§ Colonel Verner
rose, pursuant to notice, to call the attention of the House to the case of Mr. Harpur and others, against whom informations had been sworn, for attending a meeting called by the Lieutenant of the county of Tyrone, at Dungannon, in December last, and for which they had been bound over to take their trial at the next assizes. In bringing forward this subject, the hon. Member contended, that the meeting in question was, if at all a violation of the 299 Processions' Act, much less so than the procession which attended the present Lord-lieutenant of Ireland, when he made his public entry into Dublin. He had received a Letter on the subject, which, with the permission of the House, he should read, for it put the case in a clear and, as he conceived, an unanswerable point of view:—As Grand Master of Tyrone, I feel called upon, in consequence of the interpretation which Lord Melbourne gave to the debate upon Lord Mulgrave's processional entry into Dublin, to request, on the behalf of Mr. Harpur, one of your constituents, and others, members of the Orange institution, that you will, in your place in parliament, ascertain from the Home Secretary (Lord John Russell, I believe), or from the Attorney-General for Ireland, whether their interpretation of the act agrees with that of the Prime Minister.This is of no slight importance to us, whose personal liberty, and property, to a certain extent, are involved in the reply. The late administration, though we were known to be amongst its most zealous supporters, felt it to be their duty to institute prosecutions against some of us for a breach of the procession act, in attending the call of the Lord-lieutenant of the county of Tyrone (of which county, as well as of Armagh, Mr. Harpur is a freeholder) to address the King in support of his prerogative. The meeting took place upon no anniversary, and was connected with no political event. This prosecution still hangs over them, and they are bound over to stand their trials at the next assizes. You will perceive how strong our case is. We were regularly convened by a lawful authority, while the Dublin assemblage originated with the processionists themselves, without any legal sanction, unless the letter of the Lord-lieutenant's State Steward (I think he styles himself), stating the hour at which his Excellency would join them, can be reckoned such.I further beg leave to add, that I witnessed the procession, headed by Lord Mulgrave, into Dublin, which was called a procession of the Trades' Union, but which I assert was one of revolution, for, independent of standards with the harp without the crown, and 'Erin go bragh,' 'Repeal of the Union,' the cap of liberty upon a pole, with the word 'Liberty' placed on it, each member carried a long white rod, with the tri-colour floating from its end—viz. red, white, and green ribbons; and although the streets were lined with military, and the police apparently on the alert, some ruffian was permitted to place the tri-colours in the hand of the statue of King William, in College-green.As friends and constituents, a slight apology for the trouble we impose upon you would, we know, be accepted; but we feel certain that you will readily undertake this matter for the sake of the public, to whom it 300 is of the Utmost importance that it should be distinctly understood to What party and what occasions the law applies; whether an orange or a purple flag is within the act, while a green or a white one is without it? Whether a jury is to be called to investigate the tendency of a Protestant fife, while a priest with his piper behind him, may head a mob unmolested?There could be no doubt that if a riot had taken place at the Dublin procession, the parties would have been liable to all the penalties of the statute regarding processions, and he saw no reason why parties engaged in one meeting should be prosecuted, and those in the other allowed to escape with impunity.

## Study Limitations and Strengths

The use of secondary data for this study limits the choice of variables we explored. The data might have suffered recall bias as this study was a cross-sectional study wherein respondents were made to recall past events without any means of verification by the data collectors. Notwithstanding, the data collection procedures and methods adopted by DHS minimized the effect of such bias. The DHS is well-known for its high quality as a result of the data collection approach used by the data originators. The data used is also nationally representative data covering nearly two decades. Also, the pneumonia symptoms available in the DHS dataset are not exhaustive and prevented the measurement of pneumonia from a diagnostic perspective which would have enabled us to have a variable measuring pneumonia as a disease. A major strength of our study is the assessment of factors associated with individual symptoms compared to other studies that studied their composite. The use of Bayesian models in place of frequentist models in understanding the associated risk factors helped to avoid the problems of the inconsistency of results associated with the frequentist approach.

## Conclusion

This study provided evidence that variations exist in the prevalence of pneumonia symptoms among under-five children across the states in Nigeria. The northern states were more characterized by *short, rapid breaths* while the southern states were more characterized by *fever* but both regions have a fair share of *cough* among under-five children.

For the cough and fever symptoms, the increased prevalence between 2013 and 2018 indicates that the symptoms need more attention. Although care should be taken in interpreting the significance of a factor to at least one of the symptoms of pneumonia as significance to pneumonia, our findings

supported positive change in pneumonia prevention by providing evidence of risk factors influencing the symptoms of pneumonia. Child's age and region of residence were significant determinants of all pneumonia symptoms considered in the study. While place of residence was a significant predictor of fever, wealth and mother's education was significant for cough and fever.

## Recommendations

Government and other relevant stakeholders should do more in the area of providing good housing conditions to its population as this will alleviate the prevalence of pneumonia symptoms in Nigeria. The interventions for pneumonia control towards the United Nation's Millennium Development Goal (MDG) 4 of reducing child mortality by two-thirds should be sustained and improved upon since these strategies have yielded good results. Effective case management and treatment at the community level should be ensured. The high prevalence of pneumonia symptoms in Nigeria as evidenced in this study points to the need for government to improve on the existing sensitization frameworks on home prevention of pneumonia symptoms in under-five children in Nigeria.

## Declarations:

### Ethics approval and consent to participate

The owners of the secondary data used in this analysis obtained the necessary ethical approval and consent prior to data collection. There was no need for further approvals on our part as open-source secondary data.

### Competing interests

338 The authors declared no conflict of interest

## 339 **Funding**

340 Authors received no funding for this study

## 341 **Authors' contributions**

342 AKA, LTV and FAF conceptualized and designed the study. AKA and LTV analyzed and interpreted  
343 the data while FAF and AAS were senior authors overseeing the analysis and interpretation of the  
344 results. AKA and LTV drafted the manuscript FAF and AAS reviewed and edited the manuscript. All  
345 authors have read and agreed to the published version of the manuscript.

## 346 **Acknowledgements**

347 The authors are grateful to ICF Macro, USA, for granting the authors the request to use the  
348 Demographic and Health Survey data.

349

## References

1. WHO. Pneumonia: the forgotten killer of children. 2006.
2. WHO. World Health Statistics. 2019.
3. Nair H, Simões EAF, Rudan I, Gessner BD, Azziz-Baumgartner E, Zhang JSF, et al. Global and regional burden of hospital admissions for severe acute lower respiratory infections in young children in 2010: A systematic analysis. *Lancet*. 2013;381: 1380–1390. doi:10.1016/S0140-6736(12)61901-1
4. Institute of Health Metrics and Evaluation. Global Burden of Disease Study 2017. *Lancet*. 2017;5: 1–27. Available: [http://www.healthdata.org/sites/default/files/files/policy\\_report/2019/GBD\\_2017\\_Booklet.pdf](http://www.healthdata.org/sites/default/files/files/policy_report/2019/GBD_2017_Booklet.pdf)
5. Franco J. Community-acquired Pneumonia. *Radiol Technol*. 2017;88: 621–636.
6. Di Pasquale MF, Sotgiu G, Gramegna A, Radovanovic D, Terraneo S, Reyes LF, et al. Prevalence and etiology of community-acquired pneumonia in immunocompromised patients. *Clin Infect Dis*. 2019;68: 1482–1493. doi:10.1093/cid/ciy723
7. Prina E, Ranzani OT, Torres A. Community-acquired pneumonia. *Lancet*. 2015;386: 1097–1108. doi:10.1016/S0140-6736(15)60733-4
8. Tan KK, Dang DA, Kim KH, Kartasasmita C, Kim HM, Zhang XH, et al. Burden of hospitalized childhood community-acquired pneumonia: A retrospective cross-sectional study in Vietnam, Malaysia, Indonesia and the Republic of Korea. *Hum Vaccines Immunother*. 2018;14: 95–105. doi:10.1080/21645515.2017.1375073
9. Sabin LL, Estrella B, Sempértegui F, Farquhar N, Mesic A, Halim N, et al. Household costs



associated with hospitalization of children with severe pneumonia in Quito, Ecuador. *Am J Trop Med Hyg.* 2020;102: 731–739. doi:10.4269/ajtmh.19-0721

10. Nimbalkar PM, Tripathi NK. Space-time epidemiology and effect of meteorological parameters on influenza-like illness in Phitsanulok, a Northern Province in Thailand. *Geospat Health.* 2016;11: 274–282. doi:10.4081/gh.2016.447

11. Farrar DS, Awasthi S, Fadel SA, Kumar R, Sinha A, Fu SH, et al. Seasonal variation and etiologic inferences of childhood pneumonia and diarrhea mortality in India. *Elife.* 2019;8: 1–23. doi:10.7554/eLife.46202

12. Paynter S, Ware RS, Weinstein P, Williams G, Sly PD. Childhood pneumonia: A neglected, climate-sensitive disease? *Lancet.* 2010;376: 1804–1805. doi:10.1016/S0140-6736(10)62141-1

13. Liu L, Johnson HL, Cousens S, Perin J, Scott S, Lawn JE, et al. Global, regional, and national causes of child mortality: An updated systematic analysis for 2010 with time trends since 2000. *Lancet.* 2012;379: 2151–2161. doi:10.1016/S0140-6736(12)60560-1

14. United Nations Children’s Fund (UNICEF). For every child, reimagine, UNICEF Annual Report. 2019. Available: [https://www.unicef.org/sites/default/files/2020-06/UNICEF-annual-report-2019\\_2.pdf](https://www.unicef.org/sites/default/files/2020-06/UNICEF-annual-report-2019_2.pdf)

§ The hon. Member was proceeding when the House was counted out.